Wednesday, May 1, 2013

What Do You Skip, What Do You Read?

"I try to leave out the parts that people skip."  So wrote Elmore Leonard, and I have seen that line quoted many times. On the surface, it makes a lot of sense. Like most soundbites, though, it means less the more we reconsider. I mean no disrespect to Leonard. He's a prolific writer, his novels are great fun, and his advice for writers is generally useful. Even this phrase is useful if it helps writers weed out the overwritten and the padded and the just plain dull.

But there are problems with it, too.

The first problem I see is that different people skip different things. I know many people -- including writers -- who swear they never read a preface or introduction or acknowledgements. I'm one of those people who does read all of the above. I like knowing what's behind a book. Knowing who the author thanks and how they do the thanking gives some insight into the author's personality and life, and I'm enough of a voyeur to enjoy that. I also like to learn more about why the book came to be, and that information is often framed in an introduction. One argument against those "peripheral" materials is that the book should speak for itself. I agree. I just think that "the book" is everything between the covers. Come to think of it, the front and back covers count, too.

Even if we stick to the main part of the book, though, the "skippable" parts vary with the reader. My husband skipped the long passages on church history and semiotics in Umberto Eco's The Name of the Rose. As a student of folklore/linguistics/anthropology, I read and reread Eco's novelistic treatment of signs and symbols, and found the convoluted politics of the medieval church fascinating. But then I read "the whale chapter" in  Moby Dick. Several times.

Really, if we think about it, we can't avoid writing the parts that people skip because (and I know this is hard for the writers among you to read) some people will skip everything we write. I have personally skipped every word of quite a few books that simply didn't interest me. I've skipped everything past the first whatever number of pages or chapters in books I found boring or offensive or poorly written or.... I've skipped chapters that didn't interest me. Haven't you?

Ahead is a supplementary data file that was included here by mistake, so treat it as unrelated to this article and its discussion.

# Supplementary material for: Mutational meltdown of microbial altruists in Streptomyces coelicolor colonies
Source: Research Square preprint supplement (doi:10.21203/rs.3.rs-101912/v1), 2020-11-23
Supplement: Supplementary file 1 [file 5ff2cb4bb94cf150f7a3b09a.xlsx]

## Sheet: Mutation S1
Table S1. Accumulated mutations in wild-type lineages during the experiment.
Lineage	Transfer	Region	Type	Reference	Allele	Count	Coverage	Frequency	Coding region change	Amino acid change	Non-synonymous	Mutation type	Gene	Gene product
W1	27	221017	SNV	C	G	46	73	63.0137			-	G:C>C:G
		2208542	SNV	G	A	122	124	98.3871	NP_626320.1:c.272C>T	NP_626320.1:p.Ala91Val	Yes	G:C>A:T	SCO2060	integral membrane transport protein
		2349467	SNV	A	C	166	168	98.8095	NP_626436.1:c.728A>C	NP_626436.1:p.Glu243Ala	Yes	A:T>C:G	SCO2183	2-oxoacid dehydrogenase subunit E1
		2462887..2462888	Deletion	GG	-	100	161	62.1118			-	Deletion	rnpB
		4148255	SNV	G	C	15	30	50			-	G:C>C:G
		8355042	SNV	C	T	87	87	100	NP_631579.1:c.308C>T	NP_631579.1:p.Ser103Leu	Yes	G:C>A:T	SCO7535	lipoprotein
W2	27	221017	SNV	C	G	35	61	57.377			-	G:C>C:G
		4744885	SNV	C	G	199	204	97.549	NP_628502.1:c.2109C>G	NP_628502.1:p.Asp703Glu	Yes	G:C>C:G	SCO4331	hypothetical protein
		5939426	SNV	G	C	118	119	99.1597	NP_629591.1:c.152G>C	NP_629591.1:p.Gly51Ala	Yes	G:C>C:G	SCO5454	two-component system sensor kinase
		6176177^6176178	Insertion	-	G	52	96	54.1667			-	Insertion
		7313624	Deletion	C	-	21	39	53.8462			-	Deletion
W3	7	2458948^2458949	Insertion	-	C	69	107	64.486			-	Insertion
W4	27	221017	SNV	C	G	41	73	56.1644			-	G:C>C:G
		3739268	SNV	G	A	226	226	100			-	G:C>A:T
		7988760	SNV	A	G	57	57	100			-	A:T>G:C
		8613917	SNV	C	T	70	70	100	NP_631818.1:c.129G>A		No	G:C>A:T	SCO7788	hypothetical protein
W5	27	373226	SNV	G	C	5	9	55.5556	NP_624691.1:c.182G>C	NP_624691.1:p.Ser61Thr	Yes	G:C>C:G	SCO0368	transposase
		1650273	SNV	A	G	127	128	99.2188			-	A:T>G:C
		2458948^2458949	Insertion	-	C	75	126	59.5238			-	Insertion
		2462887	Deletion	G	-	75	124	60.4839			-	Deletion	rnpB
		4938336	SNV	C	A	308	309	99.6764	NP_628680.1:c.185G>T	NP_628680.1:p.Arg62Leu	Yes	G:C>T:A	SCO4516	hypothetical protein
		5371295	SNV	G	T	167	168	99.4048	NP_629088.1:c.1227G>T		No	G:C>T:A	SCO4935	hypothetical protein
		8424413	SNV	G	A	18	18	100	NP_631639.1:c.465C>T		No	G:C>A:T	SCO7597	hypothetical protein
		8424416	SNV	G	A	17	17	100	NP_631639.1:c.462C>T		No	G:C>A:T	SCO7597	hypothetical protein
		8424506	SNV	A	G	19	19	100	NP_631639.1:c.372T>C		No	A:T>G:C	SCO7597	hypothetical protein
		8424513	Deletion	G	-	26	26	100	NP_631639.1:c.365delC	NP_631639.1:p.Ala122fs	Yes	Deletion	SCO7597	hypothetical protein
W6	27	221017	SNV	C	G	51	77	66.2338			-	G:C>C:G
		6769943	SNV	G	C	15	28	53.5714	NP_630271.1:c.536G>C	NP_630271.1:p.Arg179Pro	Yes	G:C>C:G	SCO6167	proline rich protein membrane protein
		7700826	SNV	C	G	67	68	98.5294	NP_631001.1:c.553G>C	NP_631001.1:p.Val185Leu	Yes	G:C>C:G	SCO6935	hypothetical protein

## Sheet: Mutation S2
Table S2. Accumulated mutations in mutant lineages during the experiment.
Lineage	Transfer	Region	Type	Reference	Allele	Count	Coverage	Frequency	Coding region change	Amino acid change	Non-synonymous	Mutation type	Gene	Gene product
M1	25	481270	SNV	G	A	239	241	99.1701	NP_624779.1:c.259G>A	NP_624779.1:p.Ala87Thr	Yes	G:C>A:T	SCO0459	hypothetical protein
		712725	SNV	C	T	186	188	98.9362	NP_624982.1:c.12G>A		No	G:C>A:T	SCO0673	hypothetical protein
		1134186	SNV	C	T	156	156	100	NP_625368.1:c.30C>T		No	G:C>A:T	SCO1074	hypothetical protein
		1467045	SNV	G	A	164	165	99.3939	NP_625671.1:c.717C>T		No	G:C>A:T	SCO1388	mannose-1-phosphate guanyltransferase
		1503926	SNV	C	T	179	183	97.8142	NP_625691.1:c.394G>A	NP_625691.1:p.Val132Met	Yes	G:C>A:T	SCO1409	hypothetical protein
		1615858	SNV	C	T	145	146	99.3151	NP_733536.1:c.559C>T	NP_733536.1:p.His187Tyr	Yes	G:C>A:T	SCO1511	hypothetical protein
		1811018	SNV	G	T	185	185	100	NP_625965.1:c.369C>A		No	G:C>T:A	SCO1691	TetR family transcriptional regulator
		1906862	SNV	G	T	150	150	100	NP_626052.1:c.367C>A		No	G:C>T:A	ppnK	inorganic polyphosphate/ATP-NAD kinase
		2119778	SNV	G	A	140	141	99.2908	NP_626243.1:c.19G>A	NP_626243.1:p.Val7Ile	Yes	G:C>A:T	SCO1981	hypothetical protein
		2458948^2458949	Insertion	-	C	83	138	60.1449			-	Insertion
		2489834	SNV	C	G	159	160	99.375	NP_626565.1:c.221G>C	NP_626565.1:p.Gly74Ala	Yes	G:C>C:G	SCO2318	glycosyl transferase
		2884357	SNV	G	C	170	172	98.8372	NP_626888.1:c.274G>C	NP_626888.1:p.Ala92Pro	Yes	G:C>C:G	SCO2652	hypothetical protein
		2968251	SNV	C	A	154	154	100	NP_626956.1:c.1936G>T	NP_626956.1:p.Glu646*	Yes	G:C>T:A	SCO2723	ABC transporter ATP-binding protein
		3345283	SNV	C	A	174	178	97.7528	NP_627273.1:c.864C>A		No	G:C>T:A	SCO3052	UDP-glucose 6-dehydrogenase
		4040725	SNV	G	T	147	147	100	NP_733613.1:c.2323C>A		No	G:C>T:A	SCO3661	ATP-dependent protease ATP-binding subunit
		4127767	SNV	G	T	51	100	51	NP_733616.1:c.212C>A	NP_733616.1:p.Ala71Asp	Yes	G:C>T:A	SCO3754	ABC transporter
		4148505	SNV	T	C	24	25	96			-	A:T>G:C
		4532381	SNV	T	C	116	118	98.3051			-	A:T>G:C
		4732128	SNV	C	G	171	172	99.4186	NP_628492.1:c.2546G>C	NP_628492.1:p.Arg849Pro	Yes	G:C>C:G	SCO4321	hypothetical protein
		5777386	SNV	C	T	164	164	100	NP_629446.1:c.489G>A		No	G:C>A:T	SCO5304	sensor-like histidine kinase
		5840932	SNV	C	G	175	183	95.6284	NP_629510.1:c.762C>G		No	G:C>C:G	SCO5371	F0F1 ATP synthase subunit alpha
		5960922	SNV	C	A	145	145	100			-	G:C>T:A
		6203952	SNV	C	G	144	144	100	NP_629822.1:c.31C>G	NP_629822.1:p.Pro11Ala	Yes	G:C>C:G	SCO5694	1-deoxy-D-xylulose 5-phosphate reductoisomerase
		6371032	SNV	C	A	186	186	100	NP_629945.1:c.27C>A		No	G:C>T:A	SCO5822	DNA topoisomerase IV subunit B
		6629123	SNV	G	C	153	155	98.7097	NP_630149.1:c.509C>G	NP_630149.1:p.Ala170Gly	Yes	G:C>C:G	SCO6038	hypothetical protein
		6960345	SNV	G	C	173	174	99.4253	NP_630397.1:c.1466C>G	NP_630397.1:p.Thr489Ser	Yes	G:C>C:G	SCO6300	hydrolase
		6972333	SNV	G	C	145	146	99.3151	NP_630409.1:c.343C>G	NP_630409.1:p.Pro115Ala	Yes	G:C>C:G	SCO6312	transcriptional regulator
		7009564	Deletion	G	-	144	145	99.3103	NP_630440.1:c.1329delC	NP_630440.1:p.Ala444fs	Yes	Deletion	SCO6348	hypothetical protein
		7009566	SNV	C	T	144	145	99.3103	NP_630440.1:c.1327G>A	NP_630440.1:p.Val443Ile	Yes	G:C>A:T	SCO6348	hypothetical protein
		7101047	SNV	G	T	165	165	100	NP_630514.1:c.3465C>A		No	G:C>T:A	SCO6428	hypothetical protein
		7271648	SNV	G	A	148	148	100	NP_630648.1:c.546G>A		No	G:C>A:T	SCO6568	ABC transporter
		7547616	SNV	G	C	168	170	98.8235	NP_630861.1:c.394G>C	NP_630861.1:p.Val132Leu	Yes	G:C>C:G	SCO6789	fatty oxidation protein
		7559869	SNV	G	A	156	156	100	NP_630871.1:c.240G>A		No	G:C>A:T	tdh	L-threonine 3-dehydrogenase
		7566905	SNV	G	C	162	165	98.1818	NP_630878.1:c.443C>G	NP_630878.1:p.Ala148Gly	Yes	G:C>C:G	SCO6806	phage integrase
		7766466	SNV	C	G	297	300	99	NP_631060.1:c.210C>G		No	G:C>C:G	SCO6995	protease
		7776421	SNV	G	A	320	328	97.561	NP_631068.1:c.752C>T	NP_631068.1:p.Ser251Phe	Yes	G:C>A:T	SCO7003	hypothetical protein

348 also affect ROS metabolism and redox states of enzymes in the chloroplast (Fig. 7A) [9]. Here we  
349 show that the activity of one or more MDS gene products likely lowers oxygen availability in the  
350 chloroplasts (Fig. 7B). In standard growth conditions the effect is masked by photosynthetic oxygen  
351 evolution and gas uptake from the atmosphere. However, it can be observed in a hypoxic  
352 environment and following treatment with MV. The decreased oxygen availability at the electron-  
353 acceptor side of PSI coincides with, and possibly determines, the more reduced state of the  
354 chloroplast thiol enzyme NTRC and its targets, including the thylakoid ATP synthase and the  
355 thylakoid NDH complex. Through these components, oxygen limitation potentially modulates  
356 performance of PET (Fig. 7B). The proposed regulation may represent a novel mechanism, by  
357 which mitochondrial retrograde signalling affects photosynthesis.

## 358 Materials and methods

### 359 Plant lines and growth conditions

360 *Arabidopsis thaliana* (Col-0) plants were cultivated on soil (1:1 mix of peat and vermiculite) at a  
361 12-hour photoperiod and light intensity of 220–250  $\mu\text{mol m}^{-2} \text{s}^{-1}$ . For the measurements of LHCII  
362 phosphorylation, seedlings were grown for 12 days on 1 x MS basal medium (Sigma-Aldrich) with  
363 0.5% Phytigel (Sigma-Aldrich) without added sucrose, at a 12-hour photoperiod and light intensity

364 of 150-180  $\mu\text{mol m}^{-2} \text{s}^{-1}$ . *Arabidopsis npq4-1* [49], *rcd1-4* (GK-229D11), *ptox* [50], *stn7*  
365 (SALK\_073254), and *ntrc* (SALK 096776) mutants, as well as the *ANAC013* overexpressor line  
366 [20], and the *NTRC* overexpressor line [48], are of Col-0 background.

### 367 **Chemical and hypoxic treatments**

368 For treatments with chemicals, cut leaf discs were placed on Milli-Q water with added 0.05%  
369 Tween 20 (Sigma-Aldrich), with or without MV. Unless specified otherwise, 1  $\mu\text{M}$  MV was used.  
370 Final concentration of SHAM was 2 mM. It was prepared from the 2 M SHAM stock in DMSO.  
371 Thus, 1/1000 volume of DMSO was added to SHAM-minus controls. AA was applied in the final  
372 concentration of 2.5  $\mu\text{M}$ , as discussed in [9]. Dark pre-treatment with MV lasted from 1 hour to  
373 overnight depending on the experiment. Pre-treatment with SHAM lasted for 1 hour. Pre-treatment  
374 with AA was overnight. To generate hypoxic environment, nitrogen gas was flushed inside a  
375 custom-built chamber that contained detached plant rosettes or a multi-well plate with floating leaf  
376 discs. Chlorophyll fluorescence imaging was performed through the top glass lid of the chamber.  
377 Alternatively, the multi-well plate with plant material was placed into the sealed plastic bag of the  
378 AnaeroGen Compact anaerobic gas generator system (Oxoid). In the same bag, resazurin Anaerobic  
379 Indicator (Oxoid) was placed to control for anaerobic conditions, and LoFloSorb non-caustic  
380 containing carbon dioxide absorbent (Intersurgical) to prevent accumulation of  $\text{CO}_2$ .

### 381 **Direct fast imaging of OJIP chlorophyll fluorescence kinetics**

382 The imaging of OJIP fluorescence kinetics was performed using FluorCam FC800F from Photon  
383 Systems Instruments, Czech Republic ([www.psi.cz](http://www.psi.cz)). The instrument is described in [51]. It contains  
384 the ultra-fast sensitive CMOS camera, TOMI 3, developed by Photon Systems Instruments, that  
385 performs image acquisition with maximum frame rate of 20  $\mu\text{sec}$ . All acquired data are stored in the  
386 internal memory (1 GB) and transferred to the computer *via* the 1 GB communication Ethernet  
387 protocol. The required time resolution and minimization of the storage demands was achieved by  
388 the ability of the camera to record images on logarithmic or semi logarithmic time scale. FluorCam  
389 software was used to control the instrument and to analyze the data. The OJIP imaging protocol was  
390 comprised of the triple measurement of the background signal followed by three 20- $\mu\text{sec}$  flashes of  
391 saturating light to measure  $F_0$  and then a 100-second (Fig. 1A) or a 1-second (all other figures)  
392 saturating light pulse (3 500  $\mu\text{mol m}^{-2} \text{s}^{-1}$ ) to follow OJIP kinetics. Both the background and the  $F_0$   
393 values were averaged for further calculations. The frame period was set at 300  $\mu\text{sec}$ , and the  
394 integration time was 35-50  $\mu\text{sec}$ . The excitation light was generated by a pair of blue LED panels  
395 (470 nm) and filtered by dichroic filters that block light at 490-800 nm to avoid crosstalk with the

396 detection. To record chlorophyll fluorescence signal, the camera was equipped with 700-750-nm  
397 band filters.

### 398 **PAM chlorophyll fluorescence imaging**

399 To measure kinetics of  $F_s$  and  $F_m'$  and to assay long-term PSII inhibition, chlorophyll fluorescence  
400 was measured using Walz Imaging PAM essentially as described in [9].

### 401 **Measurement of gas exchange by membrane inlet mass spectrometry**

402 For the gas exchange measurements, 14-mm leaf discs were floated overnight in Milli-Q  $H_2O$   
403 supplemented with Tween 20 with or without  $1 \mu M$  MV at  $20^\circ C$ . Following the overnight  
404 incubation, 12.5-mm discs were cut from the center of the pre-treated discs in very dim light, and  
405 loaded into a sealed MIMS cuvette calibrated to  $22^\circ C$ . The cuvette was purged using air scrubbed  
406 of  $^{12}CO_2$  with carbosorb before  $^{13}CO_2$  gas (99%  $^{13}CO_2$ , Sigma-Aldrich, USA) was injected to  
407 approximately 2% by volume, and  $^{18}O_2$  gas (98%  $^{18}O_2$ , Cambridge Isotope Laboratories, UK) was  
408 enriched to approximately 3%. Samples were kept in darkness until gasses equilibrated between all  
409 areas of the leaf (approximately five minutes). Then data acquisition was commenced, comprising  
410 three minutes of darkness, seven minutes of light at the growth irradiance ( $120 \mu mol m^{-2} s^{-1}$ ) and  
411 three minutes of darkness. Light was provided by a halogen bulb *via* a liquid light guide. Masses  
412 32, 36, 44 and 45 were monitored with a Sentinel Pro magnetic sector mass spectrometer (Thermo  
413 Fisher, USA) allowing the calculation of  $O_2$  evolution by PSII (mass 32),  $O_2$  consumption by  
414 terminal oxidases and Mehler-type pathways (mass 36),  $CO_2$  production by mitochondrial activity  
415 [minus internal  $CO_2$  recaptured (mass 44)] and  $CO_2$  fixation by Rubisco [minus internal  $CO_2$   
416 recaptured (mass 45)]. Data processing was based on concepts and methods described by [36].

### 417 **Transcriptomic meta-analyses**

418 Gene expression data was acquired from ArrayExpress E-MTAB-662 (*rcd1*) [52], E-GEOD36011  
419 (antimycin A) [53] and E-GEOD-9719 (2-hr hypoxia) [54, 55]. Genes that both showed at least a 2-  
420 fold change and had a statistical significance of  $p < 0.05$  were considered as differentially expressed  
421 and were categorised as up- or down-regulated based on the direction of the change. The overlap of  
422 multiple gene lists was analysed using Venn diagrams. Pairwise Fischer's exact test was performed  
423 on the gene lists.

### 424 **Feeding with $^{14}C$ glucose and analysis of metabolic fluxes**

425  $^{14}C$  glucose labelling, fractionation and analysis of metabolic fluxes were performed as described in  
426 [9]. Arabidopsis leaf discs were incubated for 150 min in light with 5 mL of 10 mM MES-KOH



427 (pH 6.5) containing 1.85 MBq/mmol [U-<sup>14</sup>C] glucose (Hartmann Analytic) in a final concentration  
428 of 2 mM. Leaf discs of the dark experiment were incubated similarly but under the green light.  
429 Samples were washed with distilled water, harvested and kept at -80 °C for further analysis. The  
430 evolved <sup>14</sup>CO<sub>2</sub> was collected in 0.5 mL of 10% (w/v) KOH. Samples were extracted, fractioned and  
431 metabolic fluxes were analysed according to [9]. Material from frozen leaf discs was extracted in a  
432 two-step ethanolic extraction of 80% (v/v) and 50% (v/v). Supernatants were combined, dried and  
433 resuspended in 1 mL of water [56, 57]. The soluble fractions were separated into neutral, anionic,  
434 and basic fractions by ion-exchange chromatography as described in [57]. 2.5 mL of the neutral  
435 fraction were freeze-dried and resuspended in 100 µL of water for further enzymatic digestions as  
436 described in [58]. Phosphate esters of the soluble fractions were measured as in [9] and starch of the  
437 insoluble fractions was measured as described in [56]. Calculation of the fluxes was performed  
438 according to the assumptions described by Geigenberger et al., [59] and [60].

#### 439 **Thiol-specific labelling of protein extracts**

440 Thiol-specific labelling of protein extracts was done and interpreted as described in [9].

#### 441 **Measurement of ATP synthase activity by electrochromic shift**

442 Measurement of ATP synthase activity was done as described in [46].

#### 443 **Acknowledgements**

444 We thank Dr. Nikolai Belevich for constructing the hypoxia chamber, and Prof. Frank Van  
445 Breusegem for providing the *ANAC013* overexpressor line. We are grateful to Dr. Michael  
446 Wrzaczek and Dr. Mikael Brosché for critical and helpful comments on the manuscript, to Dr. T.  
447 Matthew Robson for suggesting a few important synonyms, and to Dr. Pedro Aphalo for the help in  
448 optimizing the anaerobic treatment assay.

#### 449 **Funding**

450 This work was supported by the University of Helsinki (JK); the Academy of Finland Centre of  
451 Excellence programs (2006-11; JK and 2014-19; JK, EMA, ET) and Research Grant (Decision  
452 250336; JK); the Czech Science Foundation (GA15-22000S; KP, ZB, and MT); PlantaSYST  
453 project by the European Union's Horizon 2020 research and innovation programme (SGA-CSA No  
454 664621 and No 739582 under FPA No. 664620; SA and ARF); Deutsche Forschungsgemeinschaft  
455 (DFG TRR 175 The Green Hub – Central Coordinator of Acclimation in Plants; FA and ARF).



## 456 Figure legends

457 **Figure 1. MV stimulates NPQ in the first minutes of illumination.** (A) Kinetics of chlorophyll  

But back to Leonard. I think the real wisdom in the pearl I've quoted is the directive to consider what we include, to be sure it matters in the context of the story, the essay, the poem, the play. As writers, we have to exercise our critical muscles on our own work, and we have to be willing sometimes to delete. We also have to be willing to stand up for the parts we believe should be there, even if some readers skip them.


What parts do you skip when you read? What do you read that other people say they skip?


Please come back Friday to see what my guest p.m. terrell has to say about suspense. You won't want to skip any of her post!



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  2. Sheila, I'm with you! I read everything about the book, beginning with the back cover and then the acknowledgements, etc. I have skipped plenty of scenes or narratives when I wasn't particularly interested in that part or that character. I bore easily, so if the writer doesn't hook me quickly, I'm gone.I can only hope that as a writer I flex my creative muscles in the best way to attract and hold readers. Good post!


  3. I love reading all the extra information to understand the writer more personally. I skip parts that are too slow and telling. But what I think is slow or boring may be what everyone else loves. I find this part of editing very challenging. Since I write for MG, I actually have a group of students read my chapters. They are very up front with their suggestions. I need more than one person to comment on the same spot before I change the wording.

  4. I love introductions, sometimes skim through acknowledgements, but I will NOT read inside covers!
    I don't want any amount of spoiler and all too often those covers have several. I want to feel things and characters as they come along. I don't want the main aspects of the story before I even turn a page.
    However, I will qualify this with, I DO read covers (at least partially) if I have no idea what the book is about (as when browsing a library or book store) or if I suspect that the title and cover photo may be deceptive as to content. It is amazing how many titles contain "dog" or "horse" and have nothing whatsoever (or very little) to do with either animal. It should be against the law!
    I never watch previews to TV shows either, if I can help it.